In the new IIoT world, networks of sensor-equipped smart devices and objects collect data, interpret and analyze (at times at the edge or in the cloud), and may automatically take action based on smart business rules. This enables predictive analytics, for example, to detect issues in an industrial refrigeration environment or reveal potential failure points on a factory floor, or even available factory capacity for increased production capabilities and revenues.
Beyond its value as a near-billion-dollar market by 2025, Accenture predicts that the impact of IIoT technology could bring as much as $14.2 trillion to the global economy over the next decade.
Though IIoT opens up a host of opportunities for cost reduction, quality improvement, and business growth, Accenture’s survey of more than 1,400 C-suits decision-makers showed that while 84% believe their organizations have the capability to create new, service-based income streams from the IIoT, 73% say their companies have yet to make concrete progress. Surprisingly, just 7% have developed a comprehensive strategy with project investments to match.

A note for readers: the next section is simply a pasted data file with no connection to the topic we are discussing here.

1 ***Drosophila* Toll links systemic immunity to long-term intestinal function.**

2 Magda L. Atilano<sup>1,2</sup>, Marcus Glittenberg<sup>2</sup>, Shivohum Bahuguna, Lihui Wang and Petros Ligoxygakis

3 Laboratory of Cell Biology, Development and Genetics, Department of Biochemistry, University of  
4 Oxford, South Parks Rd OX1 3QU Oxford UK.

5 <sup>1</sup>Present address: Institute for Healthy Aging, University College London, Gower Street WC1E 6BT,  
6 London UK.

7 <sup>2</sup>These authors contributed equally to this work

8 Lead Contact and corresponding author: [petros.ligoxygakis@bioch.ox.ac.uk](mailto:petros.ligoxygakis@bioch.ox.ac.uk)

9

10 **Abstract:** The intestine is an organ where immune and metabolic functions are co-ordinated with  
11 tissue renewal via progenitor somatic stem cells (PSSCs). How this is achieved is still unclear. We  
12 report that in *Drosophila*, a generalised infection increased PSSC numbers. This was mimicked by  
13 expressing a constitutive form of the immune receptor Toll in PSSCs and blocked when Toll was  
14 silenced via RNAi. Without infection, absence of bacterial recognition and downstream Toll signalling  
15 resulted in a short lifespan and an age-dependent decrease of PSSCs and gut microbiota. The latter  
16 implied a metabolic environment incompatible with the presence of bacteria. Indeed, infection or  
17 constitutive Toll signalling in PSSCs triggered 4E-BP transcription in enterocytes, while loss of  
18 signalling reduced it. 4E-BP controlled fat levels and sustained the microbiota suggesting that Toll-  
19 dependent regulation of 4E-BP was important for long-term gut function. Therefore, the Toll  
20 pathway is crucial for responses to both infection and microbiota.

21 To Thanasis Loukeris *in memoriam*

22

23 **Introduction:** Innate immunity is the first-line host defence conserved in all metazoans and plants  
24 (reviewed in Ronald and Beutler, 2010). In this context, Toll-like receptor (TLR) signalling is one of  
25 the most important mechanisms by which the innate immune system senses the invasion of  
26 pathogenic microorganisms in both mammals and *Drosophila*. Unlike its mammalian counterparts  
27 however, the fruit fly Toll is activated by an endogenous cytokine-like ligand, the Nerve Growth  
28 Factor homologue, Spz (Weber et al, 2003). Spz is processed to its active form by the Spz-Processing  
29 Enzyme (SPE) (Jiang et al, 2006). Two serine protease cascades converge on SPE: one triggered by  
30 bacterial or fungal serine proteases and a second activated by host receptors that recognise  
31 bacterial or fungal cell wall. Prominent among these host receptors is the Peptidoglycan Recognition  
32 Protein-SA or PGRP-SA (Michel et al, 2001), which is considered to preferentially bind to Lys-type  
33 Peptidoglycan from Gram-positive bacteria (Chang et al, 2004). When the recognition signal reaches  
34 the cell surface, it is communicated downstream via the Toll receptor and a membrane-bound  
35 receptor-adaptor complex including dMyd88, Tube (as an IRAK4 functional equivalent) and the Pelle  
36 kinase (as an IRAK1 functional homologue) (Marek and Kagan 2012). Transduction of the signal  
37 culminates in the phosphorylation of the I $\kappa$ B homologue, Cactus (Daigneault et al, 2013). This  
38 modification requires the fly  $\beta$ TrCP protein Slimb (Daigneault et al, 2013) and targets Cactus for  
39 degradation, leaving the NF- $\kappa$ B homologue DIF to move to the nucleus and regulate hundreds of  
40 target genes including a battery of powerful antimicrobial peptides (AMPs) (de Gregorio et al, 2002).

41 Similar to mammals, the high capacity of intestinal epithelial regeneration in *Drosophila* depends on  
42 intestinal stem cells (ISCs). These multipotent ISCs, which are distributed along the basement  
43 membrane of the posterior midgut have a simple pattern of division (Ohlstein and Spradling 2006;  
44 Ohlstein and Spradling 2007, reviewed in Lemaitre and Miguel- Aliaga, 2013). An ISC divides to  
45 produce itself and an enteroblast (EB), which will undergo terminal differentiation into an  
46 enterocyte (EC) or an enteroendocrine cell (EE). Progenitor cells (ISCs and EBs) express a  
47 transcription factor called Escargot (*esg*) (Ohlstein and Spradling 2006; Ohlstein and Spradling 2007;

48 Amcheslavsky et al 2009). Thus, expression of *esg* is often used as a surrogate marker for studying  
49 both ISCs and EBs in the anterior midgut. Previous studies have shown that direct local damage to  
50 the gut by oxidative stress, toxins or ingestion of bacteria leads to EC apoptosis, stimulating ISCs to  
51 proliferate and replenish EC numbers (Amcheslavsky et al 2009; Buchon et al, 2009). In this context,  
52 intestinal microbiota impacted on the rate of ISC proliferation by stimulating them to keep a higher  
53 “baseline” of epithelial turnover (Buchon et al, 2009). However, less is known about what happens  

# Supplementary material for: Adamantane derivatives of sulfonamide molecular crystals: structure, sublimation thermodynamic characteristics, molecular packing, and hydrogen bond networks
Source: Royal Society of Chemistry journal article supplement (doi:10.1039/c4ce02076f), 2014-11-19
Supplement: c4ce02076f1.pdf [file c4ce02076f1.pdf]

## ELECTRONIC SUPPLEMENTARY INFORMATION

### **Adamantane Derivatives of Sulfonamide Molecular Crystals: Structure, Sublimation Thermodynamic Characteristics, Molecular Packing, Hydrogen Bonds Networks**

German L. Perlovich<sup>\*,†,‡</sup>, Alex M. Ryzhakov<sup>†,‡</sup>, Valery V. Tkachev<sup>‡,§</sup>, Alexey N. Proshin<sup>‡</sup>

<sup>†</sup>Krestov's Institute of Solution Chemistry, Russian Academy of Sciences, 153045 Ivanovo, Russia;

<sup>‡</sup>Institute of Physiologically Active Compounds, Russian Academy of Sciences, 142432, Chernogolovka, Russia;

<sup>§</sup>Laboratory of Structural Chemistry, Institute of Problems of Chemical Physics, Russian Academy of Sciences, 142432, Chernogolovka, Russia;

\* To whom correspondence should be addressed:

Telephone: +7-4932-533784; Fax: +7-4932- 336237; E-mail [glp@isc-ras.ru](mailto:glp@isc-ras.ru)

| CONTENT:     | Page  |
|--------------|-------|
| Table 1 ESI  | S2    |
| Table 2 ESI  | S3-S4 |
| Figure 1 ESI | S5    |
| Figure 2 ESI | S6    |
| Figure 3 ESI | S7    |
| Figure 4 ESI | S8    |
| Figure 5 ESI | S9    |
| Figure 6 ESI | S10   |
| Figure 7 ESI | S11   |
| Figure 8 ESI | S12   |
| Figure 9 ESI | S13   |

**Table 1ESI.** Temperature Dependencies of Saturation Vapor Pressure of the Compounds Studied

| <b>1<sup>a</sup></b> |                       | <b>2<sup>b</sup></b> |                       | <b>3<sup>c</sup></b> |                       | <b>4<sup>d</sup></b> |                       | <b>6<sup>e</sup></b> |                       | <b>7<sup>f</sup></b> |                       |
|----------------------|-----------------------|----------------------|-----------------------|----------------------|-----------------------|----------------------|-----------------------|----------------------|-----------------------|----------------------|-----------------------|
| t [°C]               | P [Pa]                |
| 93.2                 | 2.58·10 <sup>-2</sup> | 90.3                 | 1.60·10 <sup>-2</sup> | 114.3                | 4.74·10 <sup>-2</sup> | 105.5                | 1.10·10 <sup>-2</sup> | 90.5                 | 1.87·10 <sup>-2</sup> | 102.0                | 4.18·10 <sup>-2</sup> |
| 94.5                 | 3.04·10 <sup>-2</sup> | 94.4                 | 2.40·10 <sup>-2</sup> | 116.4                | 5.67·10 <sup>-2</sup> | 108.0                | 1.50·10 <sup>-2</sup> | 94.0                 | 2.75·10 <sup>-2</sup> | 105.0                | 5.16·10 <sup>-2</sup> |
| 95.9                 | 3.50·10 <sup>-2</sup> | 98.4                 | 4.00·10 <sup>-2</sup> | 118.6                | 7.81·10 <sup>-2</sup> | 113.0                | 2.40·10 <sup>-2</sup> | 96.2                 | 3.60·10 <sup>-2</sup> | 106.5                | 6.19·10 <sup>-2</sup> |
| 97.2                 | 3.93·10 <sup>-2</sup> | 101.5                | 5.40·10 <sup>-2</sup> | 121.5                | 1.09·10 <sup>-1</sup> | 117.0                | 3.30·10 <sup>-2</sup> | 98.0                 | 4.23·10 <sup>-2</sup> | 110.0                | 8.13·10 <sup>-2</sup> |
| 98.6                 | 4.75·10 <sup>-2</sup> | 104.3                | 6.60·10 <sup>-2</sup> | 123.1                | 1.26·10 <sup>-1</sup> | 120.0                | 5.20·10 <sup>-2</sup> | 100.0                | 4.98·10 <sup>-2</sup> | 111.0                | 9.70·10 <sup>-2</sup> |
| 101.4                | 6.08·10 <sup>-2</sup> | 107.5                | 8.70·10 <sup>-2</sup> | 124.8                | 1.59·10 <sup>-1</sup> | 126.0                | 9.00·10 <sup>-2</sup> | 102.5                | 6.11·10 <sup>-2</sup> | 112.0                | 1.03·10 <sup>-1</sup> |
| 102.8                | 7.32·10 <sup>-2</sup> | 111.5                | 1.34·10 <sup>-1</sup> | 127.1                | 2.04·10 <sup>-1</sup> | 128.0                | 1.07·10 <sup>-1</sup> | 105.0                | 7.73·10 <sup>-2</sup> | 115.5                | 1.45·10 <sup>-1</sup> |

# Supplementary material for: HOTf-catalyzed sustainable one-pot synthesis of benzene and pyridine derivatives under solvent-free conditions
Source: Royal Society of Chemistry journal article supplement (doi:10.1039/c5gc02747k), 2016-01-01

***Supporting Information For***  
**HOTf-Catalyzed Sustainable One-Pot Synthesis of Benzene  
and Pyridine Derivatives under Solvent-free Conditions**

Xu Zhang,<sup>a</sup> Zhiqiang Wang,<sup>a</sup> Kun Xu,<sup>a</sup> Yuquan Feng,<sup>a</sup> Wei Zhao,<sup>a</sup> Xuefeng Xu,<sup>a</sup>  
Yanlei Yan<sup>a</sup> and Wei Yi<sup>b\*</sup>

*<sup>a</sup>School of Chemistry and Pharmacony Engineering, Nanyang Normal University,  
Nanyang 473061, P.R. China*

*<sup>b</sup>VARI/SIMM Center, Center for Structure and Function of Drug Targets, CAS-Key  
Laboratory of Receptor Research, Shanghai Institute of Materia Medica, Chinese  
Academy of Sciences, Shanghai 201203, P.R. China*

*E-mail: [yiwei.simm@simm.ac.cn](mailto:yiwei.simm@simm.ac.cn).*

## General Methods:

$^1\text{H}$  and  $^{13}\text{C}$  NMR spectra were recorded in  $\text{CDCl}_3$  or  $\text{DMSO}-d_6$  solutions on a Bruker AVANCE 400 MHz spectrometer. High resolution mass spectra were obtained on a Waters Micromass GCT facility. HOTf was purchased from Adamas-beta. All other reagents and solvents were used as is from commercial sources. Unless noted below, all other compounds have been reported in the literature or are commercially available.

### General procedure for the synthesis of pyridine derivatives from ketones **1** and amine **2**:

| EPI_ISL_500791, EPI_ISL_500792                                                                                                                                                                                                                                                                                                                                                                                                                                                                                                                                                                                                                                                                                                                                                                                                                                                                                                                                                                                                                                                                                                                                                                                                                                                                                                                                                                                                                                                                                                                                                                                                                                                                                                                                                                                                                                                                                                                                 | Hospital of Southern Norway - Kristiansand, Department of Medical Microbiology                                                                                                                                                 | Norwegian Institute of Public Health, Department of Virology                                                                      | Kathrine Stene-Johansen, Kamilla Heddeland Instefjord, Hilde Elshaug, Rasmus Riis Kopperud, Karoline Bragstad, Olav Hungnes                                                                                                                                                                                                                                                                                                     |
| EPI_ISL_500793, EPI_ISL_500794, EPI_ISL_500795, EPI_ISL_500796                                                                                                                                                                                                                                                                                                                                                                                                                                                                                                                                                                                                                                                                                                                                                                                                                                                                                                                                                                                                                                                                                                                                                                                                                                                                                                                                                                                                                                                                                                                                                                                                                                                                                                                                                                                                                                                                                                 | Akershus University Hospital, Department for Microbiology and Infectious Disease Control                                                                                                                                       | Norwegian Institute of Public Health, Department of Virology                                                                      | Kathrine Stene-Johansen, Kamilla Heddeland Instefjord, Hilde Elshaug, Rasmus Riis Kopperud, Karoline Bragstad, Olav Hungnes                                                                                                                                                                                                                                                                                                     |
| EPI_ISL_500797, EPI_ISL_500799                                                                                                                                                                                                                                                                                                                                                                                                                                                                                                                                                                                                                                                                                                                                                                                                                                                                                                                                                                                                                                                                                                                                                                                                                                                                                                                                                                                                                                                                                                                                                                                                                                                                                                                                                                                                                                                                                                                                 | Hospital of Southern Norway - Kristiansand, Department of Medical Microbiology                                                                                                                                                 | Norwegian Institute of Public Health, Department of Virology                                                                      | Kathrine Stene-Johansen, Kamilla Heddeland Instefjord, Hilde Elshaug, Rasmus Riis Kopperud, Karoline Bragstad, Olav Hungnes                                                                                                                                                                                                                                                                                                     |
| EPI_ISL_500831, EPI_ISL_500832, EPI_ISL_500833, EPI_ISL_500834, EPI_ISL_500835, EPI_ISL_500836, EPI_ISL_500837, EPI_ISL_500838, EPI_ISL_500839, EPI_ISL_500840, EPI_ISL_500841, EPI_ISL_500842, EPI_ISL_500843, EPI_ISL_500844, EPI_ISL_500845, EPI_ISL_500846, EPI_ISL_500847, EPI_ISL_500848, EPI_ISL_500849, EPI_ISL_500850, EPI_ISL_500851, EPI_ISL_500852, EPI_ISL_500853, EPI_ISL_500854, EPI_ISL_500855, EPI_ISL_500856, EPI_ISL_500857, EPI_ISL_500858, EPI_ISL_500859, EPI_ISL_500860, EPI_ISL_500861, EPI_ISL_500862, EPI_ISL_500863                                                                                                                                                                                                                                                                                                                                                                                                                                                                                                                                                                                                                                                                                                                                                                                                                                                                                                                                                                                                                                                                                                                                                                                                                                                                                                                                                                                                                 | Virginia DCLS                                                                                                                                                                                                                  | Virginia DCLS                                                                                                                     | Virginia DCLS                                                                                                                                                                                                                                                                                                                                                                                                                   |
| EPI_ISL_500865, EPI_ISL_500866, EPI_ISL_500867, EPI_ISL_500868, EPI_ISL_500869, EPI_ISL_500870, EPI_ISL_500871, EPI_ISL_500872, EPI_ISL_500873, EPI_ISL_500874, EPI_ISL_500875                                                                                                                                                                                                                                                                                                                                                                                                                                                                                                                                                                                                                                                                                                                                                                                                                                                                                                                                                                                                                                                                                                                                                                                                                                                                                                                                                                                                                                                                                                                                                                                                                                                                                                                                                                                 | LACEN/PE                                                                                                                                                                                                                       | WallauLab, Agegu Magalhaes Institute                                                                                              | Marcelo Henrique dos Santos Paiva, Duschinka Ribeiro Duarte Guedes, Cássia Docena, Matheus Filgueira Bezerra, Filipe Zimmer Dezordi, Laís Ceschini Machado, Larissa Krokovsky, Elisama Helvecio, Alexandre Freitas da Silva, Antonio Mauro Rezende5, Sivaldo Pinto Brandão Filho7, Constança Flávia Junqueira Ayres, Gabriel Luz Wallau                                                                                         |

Understandably, companies tend to be conservative when it comes to deploying new technologies that may disrupt operations require specialized skills -- and IIoT may sound like one that brings a number of challenges and risks.
However, optimizing existing assets through an evolutionary approach to connected technology is a proven pathway to building an IIoT-powered enterprise. It is therefore key that companies start to better understand the best steps for success to begin this evolution, and where initial projects can be sponsored and successful within their existing business
There are three fundamental guidelines that companies should keep in mind as they embark on their IIoT journeys: